And as soon as someone gets off a waitlist somewhere else, and withdraws from the schools to which he has already sent deposits, the Big Mad Shuffle begins. It's like musical chairs. And it also means that admissions officers themselves have no earthly idea how the waitlist is going to unfold. There are even people who put down deposits and then just fail to show up at orientation. You might get that waitlist call after you've moved into student housing and bought your books and started playing stupid getting-to-know-you icebreaker and team-building games with your new classmates.

The bottom line is that the waitlist process is completely unpredictable for everyone involved. If admissions officers seem cryptic, it's because they don't know how things are going to develop any more than you do.

Which is why I scratch my head a bit when I get other emails from people saying, "I just sent my waitlist stuff in two weeks ago, and I still haven't heard anything, and OMG it's already so late, why haven't I heard anything yet???" It's not late in the process at all. By waitlist standards, it's early. Really, really early.

So, what to do when you find yourself in that situation? Well, put yourself in the shoes of the admissions officer. You're a mere mortal, and mere mortals are a little bit lazy, right? So if you find yourself having to fill a spot, and you're looking at a waitlist that's hundreds deep, do you want to have to call 300 people to find that one person who is willing to change his plans at the very last second? Nope. You'd rather call your mental shortlist of the 5 or 10 people who you think are the most likely to say "yes" when you call. You'll still have certain gaps to fill -- numbers you need, demographics you need, all that stuff over which applicants have no control anyway -- but fundamentally, you also care very much about how quickly you can fill that spot, and applicants do have some control over that.

What that means for you, the applicant: if you find yourself waitlisted, "on hold," or completely ignored by the powers that be at this point in the admissions season, you want to make crystal clear to your school of choice that you would be the guy who says "yes." You do that by writing them and telling them without any ambiguity that you remain very, very interested, and that you would accept an offer if you received one. You can make that promise to only one school, so be strategic about it, and be honest with yourself. (And if you know in your heart that you wouldn't say "yes" if that call came around, be a good citizen and take yourself off the waitlist. You'll make someone else very happy.) The other schools on your shortlist should get the strong expression of continued interest, without the promise to accept an offer.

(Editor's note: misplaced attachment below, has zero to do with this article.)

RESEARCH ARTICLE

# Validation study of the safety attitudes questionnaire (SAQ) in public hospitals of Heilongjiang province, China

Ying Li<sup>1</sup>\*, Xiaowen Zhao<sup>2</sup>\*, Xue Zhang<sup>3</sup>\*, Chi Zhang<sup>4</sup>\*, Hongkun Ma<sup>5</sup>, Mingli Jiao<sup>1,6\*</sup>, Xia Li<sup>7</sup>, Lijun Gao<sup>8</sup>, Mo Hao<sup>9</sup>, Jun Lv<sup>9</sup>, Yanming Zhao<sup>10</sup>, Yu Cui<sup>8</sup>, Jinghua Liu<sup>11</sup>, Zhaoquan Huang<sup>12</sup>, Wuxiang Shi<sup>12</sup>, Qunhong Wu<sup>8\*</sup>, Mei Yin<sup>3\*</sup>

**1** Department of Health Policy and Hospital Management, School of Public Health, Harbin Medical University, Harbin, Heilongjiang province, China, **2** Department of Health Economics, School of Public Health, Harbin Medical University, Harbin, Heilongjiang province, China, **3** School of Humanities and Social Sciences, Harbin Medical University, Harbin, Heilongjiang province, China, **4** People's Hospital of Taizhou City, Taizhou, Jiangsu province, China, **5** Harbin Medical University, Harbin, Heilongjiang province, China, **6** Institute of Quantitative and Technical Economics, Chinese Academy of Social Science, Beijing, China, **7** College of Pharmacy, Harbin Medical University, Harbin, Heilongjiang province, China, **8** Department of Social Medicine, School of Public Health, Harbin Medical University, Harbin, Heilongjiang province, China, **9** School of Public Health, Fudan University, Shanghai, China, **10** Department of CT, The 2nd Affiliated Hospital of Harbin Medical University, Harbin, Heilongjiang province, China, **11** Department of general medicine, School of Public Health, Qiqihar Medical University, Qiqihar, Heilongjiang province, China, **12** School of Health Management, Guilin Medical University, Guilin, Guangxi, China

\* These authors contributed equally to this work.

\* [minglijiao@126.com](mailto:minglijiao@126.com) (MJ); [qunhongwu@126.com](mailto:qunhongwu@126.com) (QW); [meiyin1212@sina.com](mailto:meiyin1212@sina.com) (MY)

Stay in touch with your shortlist of schools about once a month. That's often enough to stay on their radar screens without looking like a pest or a stalker. Those letters will feel very repetitive, and that's OK. If you have updates to share in those communications, so much the better, but don't feel as if you have to manufacture lame updates if all you have to say is... "I'm still really interested."

If your schedule and budget permit, visit the school. Say hello. Introduce yourself to the nice people at the front desk. Hand deliver your LOCI (letter of continued interest). Do not pitch a tent in the quad or call people at home or do anything stupid.

What doesn't work, in my experience?

  • Extra letters of recommendation. Rec letters have such questionable value to begin with; sending more of them doesn't add a whole lot more value, although I would make an exception for MBA applications, where the recs really do matter.
  • Extra essays, unless (1) additional essays are invited (like Chicago Law School's hold essay), or (2) you have not yet sent a very tailored, very credible "here's why I love your school!" essay as part of your original application.

Keeping my fingers crossed for you you... I know the wait is excruciating.